Detail from Synecdoche by Byron Kim, a series of oil paintings that are “portraits” of racial identity.
As we all know, Rachel Dolezal was by no means the first white American to take on aspects of African-Americanness in her persona — calling Elvis, is anybody home?. . . But blackness has always been an integral part of American identity, and has only grown more so with the passage of time (think of white-rap pop star Eminem and black President of the United States Barack Obama for two recent mirror-image examples), so that for any American, it’s nearly impossible not to take on some degree of Afritude without even trying.
Do you agree?
But for all her efforts at “crossing the line,” including attending Howard University, changing her name, and becoming an official of the NAACP, [Rachel] Dolezal might not merit the crown from the all-time champion of race-crossing. That honor still and forever may belong to jazz musician Mezz Mezzrow, born Milton Mesirow to Russian-Jewish immigrants in Chicago in 1899. . . . Milton Mesirow fell in love with the music of Louis Armstrong and Sidney Bechet, learned to play clarinet and saxophone well enough to become their peers if not their equals, and determined that the only way he could really be a jazz musician and interest the white world in jazz was to “become black.” So he married a black woman, moved to Harlem, adopted a “jazz jive” lingo, and declared himself a “voluntary Negro.” . . . what separated the colorful Mezz Mezzrow from a host of other white musicians playing black music was that “in his belief that through his immersion in African American musical culture and his participation in the life of the black community in Harlem, he had definitively ‘crossed the line’ that divided white and black identities.”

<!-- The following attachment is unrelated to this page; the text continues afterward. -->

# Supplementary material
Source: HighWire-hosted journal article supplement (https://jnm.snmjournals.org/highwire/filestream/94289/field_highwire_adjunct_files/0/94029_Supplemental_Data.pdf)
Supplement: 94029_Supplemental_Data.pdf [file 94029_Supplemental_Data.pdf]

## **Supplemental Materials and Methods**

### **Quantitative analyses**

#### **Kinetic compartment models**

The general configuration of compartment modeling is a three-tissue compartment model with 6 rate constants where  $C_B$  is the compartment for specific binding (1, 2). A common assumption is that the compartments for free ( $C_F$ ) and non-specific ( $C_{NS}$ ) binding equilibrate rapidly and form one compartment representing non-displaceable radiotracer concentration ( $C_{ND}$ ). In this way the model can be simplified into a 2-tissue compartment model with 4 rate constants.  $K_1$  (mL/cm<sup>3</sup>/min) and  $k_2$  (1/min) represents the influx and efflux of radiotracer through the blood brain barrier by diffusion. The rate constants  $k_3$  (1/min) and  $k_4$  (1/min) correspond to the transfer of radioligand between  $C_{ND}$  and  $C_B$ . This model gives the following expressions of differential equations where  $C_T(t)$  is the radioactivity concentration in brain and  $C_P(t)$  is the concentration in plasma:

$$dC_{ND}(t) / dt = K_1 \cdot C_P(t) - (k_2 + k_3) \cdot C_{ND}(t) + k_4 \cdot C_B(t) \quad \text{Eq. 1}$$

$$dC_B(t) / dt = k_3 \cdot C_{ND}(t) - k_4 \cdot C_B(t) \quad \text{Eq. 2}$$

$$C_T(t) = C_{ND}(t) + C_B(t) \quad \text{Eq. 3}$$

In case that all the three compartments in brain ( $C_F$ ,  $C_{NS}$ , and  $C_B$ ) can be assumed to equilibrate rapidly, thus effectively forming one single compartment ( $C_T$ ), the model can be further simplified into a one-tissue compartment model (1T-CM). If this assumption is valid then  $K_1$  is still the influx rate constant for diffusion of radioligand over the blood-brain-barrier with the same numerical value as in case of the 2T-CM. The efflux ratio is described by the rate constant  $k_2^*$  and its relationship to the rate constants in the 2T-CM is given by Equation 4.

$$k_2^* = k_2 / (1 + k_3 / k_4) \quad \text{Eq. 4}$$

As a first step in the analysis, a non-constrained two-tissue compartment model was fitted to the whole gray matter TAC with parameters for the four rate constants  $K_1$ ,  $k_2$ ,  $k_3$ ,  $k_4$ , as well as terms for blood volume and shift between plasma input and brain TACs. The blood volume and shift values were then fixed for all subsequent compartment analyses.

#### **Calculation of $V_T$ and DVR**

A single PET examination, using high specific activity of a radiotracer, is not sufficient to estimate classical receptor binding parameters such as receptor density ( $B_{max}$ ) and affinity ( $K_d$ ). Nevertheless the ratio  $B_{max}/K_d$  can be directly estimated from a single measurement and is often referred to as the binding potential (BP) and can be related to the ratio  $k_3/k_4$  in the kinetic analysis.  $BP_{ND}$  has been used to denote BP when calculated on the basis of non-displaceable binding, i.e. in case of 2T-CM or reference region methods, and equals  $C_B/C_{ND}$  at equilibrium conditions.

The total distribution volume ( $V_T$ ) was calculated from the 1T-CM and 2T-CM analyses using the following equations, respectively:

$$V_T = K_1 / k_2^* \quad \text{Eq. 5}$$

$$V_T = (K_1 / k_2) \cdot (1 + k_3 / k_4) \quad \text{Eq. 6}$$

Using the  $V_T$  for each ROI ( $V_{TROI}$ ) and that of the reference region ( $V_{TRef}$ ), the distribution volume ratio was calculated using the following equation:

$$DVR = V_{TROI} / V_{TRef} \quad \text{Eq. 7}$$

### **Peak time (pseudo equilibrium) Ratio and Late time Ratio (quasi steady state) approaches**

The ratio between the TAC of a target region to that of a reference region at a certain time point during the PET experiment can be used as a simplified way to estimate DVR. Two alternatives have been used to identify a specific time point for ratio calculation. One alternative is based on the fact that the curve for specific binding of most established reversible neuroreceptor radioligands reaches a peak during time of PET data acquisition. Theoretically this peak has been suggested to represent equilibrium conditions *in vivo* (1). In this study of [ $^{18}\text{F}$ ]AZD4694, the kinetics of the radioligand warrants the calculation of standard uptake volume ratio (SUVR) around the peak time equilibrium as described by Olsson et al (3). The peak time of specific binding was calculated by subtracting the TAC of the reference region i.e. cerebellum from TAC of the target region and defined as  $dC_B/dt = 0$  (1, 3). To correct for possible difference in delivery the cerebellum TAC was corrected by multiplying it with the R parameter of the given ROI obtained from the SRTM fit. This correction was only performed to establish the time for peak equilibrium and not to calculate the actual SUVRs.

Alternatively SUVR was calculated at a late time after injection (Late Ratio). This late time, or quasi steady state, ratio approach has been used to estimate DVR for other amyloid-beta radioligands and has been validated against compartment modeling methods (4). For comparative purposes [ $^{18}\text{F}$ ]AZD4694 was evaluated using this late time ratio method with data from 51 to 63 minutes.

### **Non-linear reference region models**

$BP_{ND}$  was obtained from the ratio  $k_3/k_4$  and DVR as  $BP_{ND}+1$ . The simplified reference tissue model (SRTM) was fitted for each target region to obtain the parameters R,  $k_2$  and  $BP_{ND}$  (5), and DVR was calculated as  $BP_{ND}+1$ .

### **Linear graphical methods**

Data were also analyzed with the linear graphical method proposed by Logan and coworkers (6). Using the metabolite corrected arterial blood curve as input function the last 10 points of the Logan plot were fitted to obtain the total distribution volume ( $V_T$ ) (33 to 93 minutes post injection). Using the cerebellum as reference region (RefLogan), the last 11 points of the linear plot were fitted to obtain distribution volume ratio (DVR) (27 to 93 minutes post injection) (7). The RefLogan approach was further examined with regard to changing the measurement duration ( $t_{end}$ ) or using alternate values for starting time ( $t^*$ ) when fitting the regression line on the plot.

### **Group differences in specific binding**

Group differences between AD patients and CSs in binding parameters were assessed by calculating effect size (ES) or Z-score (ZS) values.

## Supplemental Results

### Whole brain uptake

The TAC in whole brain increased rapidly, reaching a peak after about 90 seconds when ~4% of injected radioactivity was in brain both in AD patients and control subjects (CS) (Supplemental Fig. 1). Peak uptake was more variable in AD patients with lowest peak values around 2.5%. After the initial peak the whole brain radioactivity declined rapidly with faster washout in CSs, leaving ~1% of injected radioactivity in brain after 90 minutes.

Can race — or, more accurately, racial identity — be fluid, just as gender is said to be fluid? In art, can the artist perform another identity? Can s/he even become another identity?
The dancer on the left is a man. Not a transwoman, but a self-identified man who is attempting to make a career dancing female roles in ballet. Read more here.
On the other hand, this baritone, born male and singing male roles in opera, is a self-identified (trans) woman.
Is identity — racial, sexual, gender, ethnic, religious, etc. — something that can be performed? Does the artist get to choose his/her/their own identity, at least in performance?
Adele singing “(You Make Me Feel Like) A Natural Woman.”
The Queen singing it (the song’s composer, Carole King — a Jewish girl from Brooklyn — is in the audience, along with a few other people you may recognize).
What do you think?